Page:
Norfolk Anew

A native Norfolkian rediscovers Mermaid City.

I’m gliding across the tranquil surface of Knitting Mill Creek on a sunset tour with Josh Coplon, owner of Norfolk Kayak Tours. As our small group paddles toward the Lafayette River, Josh points out shorebirds in the reeds by the water’s edge and tells us about the history of the creek and recent restoration efforts. I drift away from the group toward a riverfront neighborhood and admire century-old homes with spacious front porches and streets lined with crape myrtles. I feel far away from the hustle and bustle I have always associated with Norfolk.

ven though I was born in this city, it’s always been an enigma. I left at a young age, thanks to my dad, an officer in the U.S. Navy. Eventually, we returned to the region, settling in Virginia Beach, and as the years passed, I got to know Norfolk while attending graduate school at Old Dominion University, as well as cultural events downtown. But the city’s urban personality always seemed foreign and mysterious, perhaps because I’m a country girl at heart. 

I decide it’s time to learn more about my neighboring city to the west, to discover a side of Norfolk I’ve never seen before, one that has turned it into a mecca for millennials who rave about the city’s breweries, music scene, and edgy, urban vibe. I plan to explore its eclectic neighborhoods, pop by a few attractions, and seek out opportunities for outdoor fun—like this kayaking tour.

The late afternoon sun sparkles on the water as we paddle back toward Knitting Mill Creek, pausing to watch the sun melt behind the horizon. I feel calm and elated. Already Norfolk seems different, like a new destination I’ve never been to before. 

It’s All About the Water

Bounded by the Chesapeake Bay to the north and the intersection of waterways to the west and south cumulatively called Hampton Roads, Norfolk has had a deep love affair with water and reaches back to the days when Indians plied the rivers and bays, harvesting shellfish and living off the land. 

Today, water is still key to Norfolk’s economy with Naval Station Norfolk, the world’s largest naval station, occupying 4,600 acres next to the Hampton Roads Bridge Tunnel (currently undergoing a $3.9 billion expansion). Container ships are another common sight, delivering cargo to the Norfolk International Terminals. Pleasure boats and sailboats cruise by, some heading north or south via the Intracoastal Waterway, which has its zero mile marker at the foot of Main Street in Norfolk.

Tourism is also fed by the local waterways. Dozens of cruise ships call in at the Half Moone Cruise and Celebration Center throughout the year, bringing tourists to the city. Nauticus, the Maritime Discovery Center, attracts 350,000 visitors annually with interactive displays, traveling exhibits, and STEM programming for students. It’s also in the final stages of a $21.5 million renovation and expansion featuring five additional galleries and a new Wonder Hall. 

It’s hard to miss the Battleship Wisconsin, one of the largest built by the U.S. Navy, which is permanently moored next to Nauticus. You can tour the Wisconsin (guided or self-guided) and learn how this massive battleship served our country from WWII to Operation Desert Storm. I wander its decks and corridors and imagine what it would be like to live aboard with 3,000+ crewmembers. An exhibit in the officer’s dining room lists what it takes to feed the ship’s crew: 540 dozen eggs and 205 pounds of coffee were consumed each morning. For a unique experience, plan an overnight on “the Whisky,” which includes a behind-the-scenes tour with a naval expert, sleeping in a berth, and breakfast aboard the ship.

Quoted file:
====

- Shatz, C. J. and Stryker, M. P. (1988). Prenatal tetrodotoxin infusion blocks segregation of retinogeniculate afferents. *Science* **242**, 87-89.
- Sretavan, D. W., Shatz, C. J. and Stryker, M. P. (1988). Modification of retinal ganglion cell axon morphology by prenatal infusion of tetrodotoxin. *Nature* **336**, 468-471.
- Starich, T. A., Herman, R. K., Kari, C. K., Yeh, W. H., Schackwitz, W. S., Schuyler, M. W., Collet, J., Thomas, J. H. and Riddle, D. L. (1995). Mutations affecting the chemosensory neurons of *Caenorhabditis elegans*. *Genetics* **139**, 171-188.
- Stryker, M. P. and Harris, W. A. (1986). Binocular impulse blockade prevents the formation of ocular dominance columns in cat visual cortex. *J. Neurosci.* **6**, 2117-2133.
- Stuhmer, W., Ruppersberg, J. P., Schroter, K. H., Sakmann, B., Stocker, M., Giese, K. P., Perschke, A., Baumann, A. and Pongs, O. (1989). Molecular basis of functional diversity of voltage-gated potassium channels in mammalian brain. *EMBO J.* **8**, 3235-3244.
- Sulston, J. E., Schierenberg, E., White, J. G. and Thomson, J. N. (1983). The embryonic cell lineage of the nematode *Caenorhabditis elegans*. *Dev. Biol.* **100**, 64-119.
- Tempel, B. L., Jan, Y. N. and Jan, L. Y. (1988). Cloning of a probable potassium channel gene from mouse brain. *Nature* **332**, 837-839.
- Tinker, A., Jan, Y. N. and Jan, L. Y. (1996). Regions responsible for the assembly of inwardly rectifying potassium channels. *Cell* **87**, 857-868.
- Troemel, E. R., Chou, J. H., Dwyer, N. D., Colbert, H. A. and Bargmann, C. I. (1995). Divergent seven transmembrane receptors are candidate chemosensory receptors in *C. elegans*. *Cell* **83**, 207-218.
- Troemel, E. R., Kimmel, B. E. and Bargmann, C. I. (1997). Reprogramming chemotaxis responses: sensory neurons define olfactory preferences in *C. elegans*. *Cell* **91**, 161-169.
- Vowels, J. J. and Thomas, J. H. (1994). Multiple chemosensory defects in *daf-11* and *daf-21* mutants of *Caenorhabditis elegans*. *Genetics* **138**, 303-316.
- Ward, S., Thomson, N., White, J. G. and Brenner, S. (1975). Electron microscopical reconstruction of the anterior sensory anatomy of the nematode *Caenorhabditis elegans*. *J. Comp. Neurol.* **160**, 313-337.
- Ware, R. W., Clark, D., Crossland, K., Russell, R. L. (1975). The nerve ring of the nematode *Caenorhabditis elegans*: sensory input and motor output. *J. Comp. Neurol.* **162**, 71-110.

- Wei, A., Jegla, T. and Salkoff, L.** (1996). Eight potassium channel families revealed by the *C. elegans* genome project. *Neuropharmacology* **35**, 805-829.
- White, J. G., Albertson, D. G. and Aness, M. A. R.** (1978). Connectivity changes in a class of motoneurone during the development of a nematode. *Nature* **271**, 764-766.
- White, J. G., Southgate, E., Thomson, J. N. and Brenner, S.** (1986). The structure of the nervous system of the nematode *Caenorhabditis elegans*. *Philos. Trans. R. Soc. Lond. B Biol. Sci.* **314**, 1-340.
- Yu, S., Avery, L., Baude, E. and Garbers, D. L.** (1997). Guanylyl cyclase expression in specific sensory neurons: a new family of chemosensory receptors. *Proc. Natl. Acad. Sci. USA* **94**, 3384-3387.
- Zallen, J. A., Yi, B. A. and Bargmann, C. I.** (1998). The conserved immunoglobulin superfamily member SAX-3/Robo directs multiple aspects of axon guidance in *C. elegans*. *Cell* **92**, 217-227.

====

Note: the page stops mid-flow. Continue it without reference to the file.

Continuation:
More military history awaits in the Hampton Roads Naval Museum inside Nauticus. A current exhibition details the navy’s role in the Vietnam War, enlightening for both baby boomers and millennials. Seeing and hearing the stories of the sailors who served during that war makes an impression on me, a reminder of Norfolk’s importance in U.S. Naval operations.

How Do You Say It?

You can tell a local from a visitor by the way they pronounce Norfolk. The proper pronunciation is nor-fuk, not nor-folk, nor-fork, nor-foke, or naw-fik. Locals say it’s NOR-FUK.

Getting Around 

I’m itching to get back on the water, and luckily more opportunities are at hand. In addition to Norfolk Kayak Tours, you can rent a jet ski or stand-up paddleboard from Norfolk Watersports. Sail Nauticus offers a two-hour course called “First Sail” from April through October, and you can learn about Naval Station Norfolk aboard the Victory Rover, which departs from Nauticus. Norfolk City Cruises welcomes guests to a variety of experiences aboard the Spirit of Norfolk, including brunch and dinner cruises.

I decide to join an excursion on the American Rover, a 135-foot topsail three-masted schooner, which sails the Elizabeth River. A fair wind is blowing, so its crew, along with a handful of hardy volunteers, raise the huge red sails, which glow in the late afternoon sun. This serene sailing experience provides a unique perspective of the city, and I feel my cares melt away. As we return to the dock, seagulls serenade us and water splashes gently against the hull.

Culture Connections

A different kind of liquid has my attention at the Perry Glass Studio at the Chrysler Museum. I’m watching skillful glassblowers give a free glass demo in the hot shop, while muted construction sounds nearby are a reminder that soon the studio will more than double in size. 

Afterwards, I wander through the Chrysler’s glass collection, finding my favorite—Tiffany Studios’ Dragonfly Library Lamp (ca. 1905-1910, leaded glass; cast bronze)—and getting lost in its blues and greens. I can’t wait to see Fantastic Creatures of the Venetian Lagoon: Glass 1875-1915, an exhibition highlighting pieces of Italian glass from the Chrysler’s impressive collection on view through Aug. 18. It’s amazing that Norfolk has such a world-class art museum in its midst, and admission is always free.

The Chrysler is part of Norfolk’s NEON District, where the streets and alleyways shine with colorful murals and sculptures, part of the city’s commitment to public art. The district is also home to retail businesses, as well as d’ART Center, a community art center featuring galleries and studios rented by local artists who love to talk about their work with visitors. NEON Norfolk’s website has a map of the district’s public art pieces for scoping out. 

Museums & Galleries

Tucked into Norfolk’s North Shore neighborhood and overlooking the Lafayette River is The Hermitage Museum and Gardens. The arts-and-crafts style mansion was built by William and Florence Sloane, wealthy New Yorkers who came to Norfolk in 1893 to operate mills and built an impressive art collection. The estate also features 12 acres of gardens, and is open to the public. In addition to art, Florence collected millstones, which are scattered amid the Hermitage’s gardens.